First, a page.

The Grandmasters:

Great, Great, Grandmaster Su Kong Tai Djin

The Shaolin schools can trace their lineage back to the Fukien Temple, through a succession of remarkable Shaolin Grandmasters. The first of the Grandmasters was born in Fukien in 1849.

Born with a rare disease, that we know today as Hypertrichosis Languinosa; this condition covers the entire body with hair. The Chinese, back then, were very superstitious, so when they saw his affliction, they considered it demonic and they abandon the child. A passing monk rescued the newborn and presented him to the Shao-Lin Masters. They realized that it would be nearly impossible to find a family willing to adopt such a child, and decided to raise him without a traditional family. They named him Su Kong T’ai Djin.

He later became the first Grandmaster of Shaolin and the first to master all known skills of the Shao-Lin Temples. Over the years, each Master of the temple, passed their knowledge to him; he learned and mastered over 200 different empty hand systems, over 140 weapons systems, sixth sense training and chi Ma (Death Touch).


Great Grand Master Ie Chang Ming


Ie Chang Ming received his training in the Fukien Temple under Su Kong Tai Djin and received his title of Grand Master only after the burning of the last temple.

One known story of Ie Chang Ming, he is said to have taken a shortcut back to the temple, when he accidentally walked up on a camp of soldiers. The soldiers quickly surrounded and began to attack him. Even with the use of their weapons, Ie Chang, quickly defeated and killed them. Once, the Military, learned of what happened, they offered money to anyone that would kill him. Ie Chang, quickly left China and eventually settled in Indonesia and began to teach the Shao-Lin ways. He used Japanese uniforms in hopes of fooling anyone looking for him.

The Shaolin Temples

History tells us that many of the monks in the Shaolin temple were retired soldiers or generals. Under the pressure of frequent attacks by bandits, the Shaolin Monks, combined Bodhidharma’s teachings with the martial arts techniques, of the Chinese Warrior’s and created a unique and highly effective method of combat; These combined techniques gave the Shaolin Warrior a far-flung reputation for deadly martial arts and fighting abilities.


The Fukien temple was known to be the second temple of Shaolin around 650 A.D.; throughout the centuries, the fortunes, of the Shaolin Monks were the results of political and dynastic changes in Chinese history. Many and other temples became part of the Shaolin system. Shaolin Monks, were alternately courted and renowned by those in power, who wished to have the monks on their side. The temples were burned and rebuilt, many times, but the knowledge of the art survived while the monks continually added to their knowledge and improved upon it.


Throughout history, the temples prospered and became widely known as centers of learning of philosophy as well as martial arts. Becoming a student of the temple was difficult; potential students were expected to wait outside the temple gates, for long periods of time, while their temperaments and attitudes were closely observed by the monks. Once admitted, students, endured years of service and countless chores before being accepted as disciples. Once accepted, students, would receive an unparalleled education in philosophy, fine arts, and the martial arts. When a student graduated from the school, they had to exhibit phenomenal skills, and pass through 18 testing chambers. The last and final chamber, was not for the faint at heart; the student, would have to grip a burning-hot iron cauldron with their bare forearms, branding them with the raised iron impression of a tiger and a dragon.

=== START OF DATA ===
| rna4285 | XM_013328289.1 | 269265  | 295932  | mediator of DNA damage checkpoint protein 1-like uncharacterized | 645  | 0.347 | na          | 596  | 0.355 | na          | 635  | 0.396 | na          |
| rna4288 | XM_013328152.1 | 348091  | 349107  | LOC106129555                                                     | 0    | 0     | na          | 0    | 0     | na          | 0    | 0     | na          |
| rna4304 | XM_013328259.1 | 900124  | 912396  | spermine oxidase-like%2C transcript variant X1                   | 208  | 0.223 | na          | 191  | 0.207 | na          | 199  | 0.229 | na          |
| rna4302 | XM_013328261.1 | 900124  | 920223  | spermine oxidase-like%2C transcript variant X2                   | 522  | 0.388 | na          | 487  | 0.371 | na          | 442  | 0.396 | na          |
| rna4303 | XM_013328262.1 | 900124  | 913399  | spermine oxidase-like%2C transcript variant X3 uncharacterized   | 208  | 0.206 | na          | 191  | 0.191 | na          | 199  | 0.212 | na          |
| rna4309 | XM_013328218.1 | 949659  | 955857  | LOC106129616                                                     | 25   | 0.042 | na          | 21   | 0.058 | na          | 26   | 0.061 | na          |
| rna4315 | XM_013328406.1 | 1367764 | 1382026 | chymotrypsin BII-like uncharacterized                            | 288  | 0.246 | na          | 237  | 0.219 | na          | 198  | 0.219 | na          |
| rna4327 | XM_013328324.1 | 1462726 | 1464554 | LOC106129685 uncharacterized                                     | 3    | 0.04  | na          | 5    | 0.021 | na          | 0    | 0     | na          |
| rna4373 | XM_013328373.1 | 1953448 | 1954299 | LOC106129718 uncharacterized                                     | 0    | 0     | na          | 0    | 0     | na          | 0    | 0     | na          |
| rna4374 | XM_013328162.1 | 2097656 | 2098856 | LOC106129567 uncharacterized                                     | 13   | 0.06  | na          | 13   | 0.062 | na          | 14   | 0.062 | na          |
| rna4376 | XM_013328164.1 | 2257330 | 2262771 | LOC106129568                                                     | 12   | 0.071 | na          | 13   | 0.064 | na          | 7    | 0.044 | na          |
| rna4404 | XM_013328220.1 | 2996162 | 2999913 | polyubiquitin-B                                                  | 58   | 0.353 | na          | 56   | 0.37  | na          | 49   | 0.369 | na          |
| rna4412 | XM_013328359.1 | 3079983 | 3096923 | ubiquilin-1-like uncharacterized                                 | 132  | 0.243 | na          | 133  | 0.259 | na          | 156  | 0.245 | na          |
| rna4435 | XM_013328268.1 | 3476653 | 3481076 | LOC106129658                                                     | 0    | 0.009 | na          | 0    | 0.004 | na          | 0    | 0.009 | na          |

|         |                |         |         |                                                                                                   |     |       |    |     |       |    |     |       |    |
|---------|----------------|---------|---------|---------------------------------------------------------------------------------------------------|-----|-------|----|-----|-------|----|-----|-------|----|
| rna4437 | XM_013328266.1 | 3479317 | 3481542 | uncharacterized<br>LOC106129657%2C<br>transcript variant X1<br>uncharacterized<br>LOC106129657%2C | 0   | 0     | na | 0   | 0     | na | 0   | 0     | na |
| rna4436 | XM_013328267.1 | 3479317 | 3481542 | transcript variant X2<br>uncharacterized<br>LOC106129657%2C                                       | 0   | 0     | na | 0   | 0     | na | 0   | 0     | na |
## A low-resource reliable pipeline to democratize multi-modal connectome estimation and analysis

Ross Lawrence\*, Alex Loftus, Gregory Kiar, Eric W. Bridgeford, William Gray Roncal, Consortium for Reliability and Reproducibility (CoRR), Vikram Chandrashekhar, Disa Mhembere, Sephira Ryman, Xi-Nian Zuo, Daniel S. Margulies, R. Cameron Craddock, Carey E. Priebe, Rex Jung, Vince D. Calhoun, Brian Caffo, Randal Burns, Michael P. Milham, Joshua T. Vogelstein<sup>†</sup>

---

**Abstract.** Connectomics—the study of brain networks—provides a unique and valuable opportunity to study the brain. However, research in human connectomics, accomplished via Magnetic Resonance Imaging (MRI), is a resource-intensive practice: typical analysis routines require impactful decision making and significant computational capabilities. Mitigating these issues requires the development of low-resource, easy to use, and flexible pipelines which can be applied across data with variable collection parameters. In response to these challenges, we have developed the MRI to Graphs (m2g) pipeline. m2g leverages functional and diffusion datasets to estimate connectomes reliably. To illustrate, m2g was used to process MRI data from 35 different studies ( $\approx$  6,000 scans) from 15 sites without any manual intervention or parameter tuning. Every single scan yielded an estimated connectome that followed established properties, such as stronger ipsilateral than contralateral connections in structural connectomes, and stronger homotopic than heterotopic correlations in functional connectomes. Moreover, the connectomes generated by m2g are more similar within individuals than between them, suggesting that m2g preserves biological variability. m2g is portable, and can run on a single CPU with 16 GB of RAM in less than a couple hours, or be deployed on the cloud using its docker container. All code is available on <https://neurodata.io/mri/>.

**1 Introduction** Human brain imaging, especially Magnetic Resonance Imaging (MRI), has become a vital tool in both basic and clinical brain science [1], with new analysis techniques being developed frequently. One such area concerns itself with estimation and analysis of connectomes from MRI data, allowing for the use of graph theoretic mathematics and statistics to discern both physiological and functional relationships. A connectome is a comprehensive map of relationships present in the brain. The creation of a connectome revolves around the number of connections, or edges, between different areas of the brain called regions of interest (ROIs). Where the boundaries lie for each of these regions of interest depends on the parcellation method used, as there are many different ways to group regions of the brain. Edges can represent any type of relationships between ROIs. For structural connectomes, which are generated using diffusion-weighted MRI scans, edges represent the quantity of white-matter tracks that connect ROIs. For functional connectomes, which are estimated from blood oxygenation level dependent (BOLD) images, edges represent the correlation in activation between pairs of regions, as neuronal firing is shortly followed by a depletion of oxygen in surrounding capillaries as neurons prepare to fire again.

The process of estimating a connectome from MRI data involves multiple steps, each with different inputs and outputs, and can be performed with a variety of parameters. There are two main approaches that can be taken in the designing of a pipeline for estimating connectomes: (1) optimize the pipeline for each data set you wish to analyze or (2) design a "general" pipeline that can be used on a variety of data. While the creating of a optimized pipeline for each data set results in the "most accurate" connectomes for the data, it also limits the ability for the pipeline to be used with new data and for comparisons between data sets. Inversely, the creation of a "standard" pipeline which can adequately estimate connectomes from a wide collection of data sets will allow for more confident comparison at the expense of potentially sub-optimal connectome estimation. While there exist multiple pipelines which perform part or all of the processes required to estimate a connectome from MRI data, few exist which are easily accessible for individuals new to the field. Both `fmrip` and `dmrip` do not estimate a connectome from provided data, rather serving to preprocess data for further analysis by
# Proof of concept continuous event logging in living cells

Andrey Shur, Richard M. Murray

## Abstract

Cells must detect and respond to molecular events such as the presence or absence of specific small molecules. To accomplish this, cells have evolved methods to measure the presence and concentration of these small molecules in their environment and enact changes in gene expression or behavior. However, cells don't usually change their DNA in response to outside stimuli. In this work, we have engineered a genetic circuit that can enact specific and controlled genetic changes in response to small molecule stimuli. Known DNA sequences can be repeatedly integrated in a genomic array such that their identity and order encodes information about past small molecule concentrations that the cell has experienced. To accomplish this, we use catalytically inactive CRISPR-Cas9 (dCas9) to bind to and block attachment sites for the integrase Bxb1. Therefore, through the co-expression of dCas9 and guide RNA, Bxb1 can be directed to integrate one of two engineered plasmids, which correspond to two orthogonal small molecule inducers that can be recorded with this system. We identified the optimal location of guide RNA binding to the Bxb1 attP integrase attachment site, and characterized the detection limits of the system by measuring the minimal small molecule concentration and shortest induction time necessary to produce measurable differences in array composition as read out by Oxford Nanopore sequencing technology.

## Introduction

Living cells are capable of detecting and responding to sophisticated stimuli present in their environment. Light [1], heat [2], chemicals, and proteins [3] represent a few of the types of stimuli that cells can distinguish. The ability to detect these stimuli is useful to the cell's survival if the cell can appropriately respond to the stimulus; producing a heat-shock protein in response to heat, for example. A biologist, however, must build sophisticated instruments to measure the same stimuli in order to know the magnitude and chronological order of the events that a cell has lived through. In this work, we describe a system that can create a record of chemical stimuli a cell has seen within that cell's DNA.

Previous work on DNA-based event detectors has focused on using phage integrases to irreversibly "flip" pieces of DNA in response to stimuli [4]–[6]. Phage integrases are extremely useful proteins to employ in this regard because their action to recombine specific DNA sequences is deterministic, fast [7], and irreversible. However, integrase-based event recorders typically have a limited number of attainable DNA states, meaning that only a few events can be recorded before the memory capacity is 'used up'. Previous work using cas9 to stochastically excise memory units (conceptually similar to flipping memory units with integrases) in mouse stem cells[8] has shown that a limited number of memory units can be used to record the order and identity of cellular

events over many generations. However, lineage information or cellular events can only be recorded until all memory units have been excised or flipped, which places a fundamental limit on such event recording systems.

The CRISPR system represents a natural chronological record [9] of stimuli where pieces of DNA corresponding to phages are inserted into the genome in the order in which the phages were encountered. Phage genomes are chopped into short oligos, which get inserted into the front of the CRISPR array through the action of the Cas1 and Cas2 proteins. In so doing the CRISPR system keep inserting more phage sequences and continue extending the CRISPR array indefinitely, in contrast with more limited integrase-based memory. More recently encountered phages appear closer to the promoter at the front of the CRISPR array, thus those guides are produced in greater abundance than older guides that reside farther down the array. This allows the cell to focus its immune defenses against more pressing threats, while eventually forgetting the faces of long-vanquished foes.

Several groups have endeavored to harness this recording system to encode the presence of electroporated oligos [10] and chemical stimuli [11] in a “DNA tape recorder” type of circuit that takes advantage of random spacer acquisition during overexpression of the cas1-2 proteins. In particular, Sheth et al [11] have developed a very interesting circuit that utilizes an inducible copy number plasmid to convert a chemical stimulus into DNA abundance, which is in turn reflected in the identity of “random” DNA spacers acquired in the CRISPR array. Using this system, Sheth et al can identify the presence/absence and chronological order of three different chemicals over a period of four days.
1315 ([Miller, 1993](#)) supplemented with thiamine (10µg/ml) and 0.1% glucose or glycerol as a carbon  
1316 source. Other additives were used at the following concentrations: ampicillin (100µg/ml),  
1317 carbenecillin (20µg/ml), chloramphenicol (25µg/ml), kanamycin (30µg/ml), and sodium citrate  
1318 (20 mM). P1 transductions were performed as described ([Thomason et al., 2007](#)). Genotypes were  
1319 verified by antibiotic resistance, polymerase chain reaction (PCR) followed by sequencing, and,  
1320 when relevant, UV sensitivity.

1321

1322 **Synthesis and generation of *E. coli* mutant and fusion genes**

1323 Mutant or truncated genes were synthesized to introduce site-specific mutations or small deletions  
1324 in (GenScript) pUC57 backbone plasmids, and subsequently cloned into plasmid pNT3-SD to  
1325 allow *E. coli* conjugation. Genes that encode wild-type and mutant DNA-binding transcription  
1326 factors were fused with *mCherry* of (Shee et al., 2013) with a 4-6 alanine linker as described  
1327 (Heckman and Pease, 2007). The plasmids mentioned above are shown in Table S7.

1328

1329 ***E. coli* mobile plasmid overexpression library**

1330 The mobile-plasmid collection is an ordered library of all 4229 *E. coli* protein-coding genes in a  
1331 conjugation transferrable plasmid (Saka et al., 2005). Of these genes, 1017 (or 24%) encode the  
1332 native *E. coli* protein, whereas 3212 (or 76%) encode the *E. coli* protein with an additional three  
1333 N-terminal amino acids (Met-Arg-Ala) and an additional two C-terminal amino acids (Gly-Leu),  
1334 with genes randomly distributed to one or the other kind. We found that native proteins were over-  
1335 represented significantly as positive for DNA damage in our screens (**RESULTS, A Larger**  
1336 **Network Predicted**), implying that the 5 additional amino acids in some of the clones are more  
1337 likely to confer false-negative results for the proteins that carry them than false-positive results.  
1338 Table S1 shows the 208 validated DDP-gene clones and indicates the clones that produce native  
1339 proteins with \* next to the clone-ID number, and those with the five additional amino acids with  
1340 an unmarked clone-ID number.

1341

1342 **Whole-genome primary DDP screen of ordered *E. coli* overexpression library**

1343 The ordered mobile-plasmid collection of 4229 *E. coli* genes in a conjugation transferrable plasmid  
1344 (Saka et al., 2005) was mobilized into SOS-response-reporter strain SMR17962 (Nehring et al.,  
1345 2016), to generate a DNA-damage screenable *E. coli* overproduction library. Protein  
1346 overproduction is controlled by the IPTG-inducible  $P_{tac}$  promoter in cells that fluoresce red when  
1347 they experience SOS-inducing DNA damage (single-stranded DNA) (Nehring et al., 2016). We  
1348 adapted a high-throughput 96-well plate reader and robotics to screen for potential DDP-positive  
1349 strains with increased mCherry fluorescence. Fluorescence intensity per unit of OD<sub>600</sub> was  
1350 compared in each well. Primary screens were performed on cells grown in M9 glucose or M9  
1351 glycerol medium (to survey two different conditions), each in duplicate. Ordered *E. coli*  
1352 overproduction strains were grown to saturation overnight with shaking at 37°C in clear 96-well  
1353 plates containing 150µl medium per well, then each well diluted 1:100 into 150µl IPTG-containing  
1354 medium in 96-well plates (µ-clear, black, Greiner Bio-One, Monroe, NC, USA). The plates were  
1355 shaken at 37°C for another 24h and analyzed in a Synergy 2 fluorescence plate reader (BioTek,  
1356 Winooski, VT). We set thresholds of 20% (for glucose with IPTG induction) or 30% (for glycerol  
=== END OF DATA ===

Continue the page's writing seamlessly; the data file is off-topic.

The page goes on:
Throughout the ages, Shaolin Masters, developed new styles and forms of combat and brought them back to their temples. Many variations of Martial Arts styles, were incorporated into their teachings, that they had learned from their various travels and thus, their arts flourished in the temples, during the Ming Dynasty.

In the mid-17th century, Manchurian invaders, began to systematically and brutally take control of China. An internal rebellion, contributed significantly to the fall of the Ming Dynasty. It is said that the betrayal of an insider, was the cause of the destruction of the Honan temple in 1647 A.D. During this time, many monks fled to the Fukien Temple, where they continued to support the resistance fighters. This led to the destruction of the Fukien and other temples that practiced Shaolin Kung Fu. With the practice of Shaolin Kung Fu outlawed, the Masters continued to teach in hiding while in exile; taking many years before the temples were reopened in the early 1800’s and only being allowed for use of religious practices. The next rebellion was known as the Boxer Rebellion, of 1900, and caused another wave of escaped resistance fighters, many of whom were Shaolin Monks; they scattered to the United States, Australia, Korea, Indonesia, and other countries and the third burning of the Shaolin Temple happened in 1927. In recent years, the government of China has come to realize the importance of the cultural heritage of Shaolin, and reopened the temples.